My world exists in concentric circles surrounding the sofa… In the first circle (the one closest to me) is everything I might need, immediately within reach: various pain meds and balms, tissues, my phone, water, pencil and paper (to chart how I feel and when I take medicine), a good book (collection of Sherlock Holmes stories at present), and the TV remote. The second circle contains items I can reach with minimal effort: the computer, the TV, and a book shelf full of books and movies. Everything in the third circle and beyond requires thought and a plan: the refrigerator/kitchen, the bathroom, the bedroom, the laundry room. Do I really need to go to the bathroom yet? Can it wait? I really want a sandwich, but that means I have to get up to make it… Yep, I’m hungry enough.
This may all sound pretty dismal, but it’s really not that bad. Yes, it gets a little boring and I get tired of laying around, but it is what it is. I actually have a really nice view of my backyard and the sky from here. I love it when there’s bad weather going on because I like watching the clouds change and especially the rain. I can see the birds flitting around out there too which is pretty amusing. You get used to appreciating these little things.
When the pain subsides I jump up and go to the bathroom/kitchen/etc, or sometimes out to the garden to pull some weeds and see how my plants are growing. This is the highlight of my day.
I pet my cat and try to keep my area picked up.
It is what it is. Sometimes it’s frustrating (especially because I’m on a treatment that is supposed to be preventing pain). Mostly I’m OK though. There’s nothing I can do about it besides ride it out. So I spend a lot of time on facebook to feel like I’m connected to a social life. I read books. I order more books, some about dealing with chronic pain, some about far-off exciting places. I try to make myself look as pretty as I can, even in my stretchy pants and t-shirts.
I’m really thankful that I’m not in school or working right now and that I am so blessed to have a husband who can provide for us so I don’t have to. I honestly can’t imagine what it would be like to have to even think about working or studying in a state like this. I am so lucky.
I wonder if I’ll ever be able to fulfill my dream of being a nurse. Sometimes I feel pretty good and can be out and about, but a lot of times, I don’t. Will I be able to finish my degree? Help people like me to feel better? Maybe work in a mental health ward or substance abuse center like I dream about? Can I physically do it? I sure hope so. But I know worrying about it doesn’t get me anywhere, so I’ll just keep dreaming.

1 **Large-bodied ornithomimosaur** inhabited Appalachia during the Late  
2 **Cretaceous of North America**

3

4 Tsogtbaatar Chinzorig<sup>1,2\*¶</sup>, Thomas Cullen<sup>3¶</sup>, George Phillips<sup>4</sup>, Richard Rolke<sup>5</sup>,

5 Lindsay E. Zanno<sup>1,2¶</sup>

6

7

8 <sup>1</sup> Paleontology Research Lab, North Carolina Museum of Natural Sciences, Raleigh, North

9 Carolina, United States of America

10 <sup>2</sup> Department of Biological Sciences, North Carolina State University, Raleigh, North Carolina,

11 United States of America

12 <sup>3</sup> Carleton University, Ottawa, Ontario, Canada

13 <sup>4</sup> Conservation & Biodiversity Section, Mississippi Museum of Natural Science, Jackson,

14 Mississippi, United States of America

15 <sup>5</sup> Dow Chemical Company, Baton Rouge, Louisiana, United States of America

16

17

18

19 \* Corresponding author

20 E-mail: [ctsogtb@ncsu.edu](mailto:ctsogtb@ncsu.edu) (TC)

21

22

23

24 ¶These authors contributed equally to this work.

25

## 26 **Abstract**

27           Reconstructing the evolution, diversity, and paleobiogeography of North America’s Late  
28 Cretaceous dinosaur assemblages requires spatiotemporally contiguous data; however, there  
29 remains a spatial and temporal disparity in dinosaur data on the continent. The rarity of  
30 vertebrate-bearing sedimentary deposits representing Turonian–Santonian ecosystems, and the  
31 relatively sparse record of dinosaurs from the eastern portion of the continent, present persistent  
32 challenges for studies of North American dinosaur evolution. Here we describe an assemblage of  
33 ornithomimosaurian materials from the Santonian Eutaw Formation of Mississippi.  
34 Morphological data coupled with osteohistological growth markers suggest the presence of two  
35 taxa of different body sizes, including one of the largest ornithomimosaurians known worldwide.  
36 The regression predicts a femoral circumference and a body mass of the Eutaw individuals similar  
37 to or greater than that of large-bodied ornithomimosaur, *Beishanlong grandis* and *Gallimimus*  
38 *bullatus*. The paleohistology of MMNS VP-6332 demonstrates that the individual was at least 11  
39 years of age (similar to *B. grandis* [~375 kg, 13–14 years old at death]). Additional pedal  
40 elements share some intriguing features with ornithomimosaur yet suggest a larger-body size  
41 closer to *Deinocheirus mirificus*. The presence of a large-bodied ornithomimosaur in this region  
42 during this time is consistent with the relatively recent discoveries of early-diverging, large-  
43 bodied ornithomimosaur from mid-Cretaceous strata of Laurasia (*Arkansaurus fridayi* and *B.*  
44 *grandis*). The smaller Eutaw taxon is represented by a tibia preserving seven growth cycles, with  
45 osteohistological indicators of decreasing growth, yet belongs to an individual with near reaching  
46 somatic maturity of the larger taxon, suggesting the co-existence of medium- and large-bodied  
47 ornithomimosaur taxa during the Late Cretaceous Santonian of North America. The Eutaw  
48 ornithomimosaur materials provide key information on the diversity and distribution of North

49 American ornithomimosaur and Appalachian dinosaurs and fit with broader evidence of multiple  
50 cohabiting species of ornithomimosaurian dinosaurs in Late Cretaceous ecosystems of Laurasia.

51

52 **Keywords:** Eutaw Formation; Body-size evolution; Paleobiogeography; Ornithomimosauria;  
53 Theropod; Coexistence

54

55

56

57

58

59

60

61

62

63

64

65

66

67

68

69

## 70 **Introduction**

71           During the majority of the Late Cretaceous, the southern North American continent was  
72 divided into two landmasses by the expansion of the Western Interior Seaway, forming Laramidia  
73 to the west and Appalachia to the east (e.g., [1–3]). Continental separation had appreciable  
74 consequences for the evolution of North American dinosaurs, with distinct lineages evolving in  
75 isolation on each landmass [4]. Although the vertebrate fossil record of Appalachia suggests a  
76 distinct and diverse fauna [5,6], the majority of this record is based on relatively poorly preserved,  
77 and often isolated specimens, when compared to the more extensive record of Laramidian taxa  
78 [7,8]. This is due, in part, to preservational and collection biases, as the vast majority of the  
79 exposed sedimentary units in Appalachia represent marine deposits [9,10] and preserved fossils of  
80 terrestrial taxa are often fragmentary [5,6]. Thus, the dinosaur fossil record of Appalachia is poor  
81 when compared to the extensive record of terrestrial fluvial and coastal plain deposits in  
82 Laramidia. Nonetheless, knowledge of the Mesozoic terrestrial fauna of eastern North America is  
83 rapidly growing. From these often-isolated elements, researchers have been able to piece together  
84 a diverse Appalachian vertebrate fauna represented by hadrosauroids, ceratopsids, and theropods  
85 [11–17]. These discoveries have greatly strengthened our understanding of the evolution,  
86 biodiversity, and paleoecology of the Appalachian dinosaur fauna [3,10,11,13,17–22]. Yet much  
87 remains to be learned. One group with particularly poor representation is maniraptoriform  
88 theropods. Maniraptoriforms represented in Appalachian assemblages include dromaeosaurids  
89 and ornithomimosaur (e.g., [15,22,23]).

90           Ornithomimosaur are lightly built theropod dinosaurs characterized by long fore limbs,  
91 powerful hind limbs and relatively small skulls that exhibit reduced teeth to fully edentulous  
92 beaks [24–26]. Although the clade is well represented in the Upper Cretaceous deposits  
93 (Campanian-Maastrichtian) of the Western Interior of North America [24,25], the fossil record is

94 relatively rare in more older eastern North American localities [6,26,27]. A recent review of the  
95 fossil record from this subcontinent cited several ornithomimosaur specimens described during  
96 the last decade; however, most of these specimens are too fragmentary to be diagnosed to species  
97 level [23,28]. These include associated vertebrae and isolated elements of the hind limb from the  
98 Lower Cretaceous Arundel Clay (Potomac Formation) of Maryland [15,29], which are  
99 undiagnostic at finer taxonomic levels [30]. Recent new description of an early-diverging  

I’ll keep lying here on the sofa, watching the clouds float by, and the flowers grow. I’ll keep trying to make the most out of these days and feel like I am still contributing to life and society. I will read, draw, study, and write. And I will pray.
I am a whole comprised of many parts. Here are some of them that I feel especially define me at this time in my life:
Old Soul: I’ve always felt older than I am… I used to drive an old lady car, I have old lady aches and pains, I get tired a lot faster than other people, I MUST get enough sleep to function, and while I enjoy the occasional night out, or house party, I often prefer a quite night in with movies and beer. I used to hate that I felt older than my age. Now I realize it’s who I am and it’s better to just embrace it, accept it, and enjoy it, rather than try to be someone else. Accepting ourselves for who we are makes for a much happier life.
Woman: March is Women’s History Month. There have been so many fascinating, successful women throughout history who have defied opposition and judgment to shape the liberated life I’m free to enjoy. Despite all these wonderful female examples (and my old soul self) I still struggle with what it means to be woman. The massive amount of stereotypical images and information about what women are/should be makes actual womanhood even more confusing. I’m gradually developing an image in my mind of the complex, delightful meaning of who I am and what I am capable of as a female, and embracing all of my womanly potential. It looks a lot like this description written by my good pal Krista (a fabulous and fearless woman herself): “Women are also strong, and talented, and wise, and meek. They can be confident or careful, sexy or shy. Women are athletic and creative and beautiful and fun.” She is currently writing a series about influential women in history on her blog, Reviving Identity. I’d encourage you to check it out.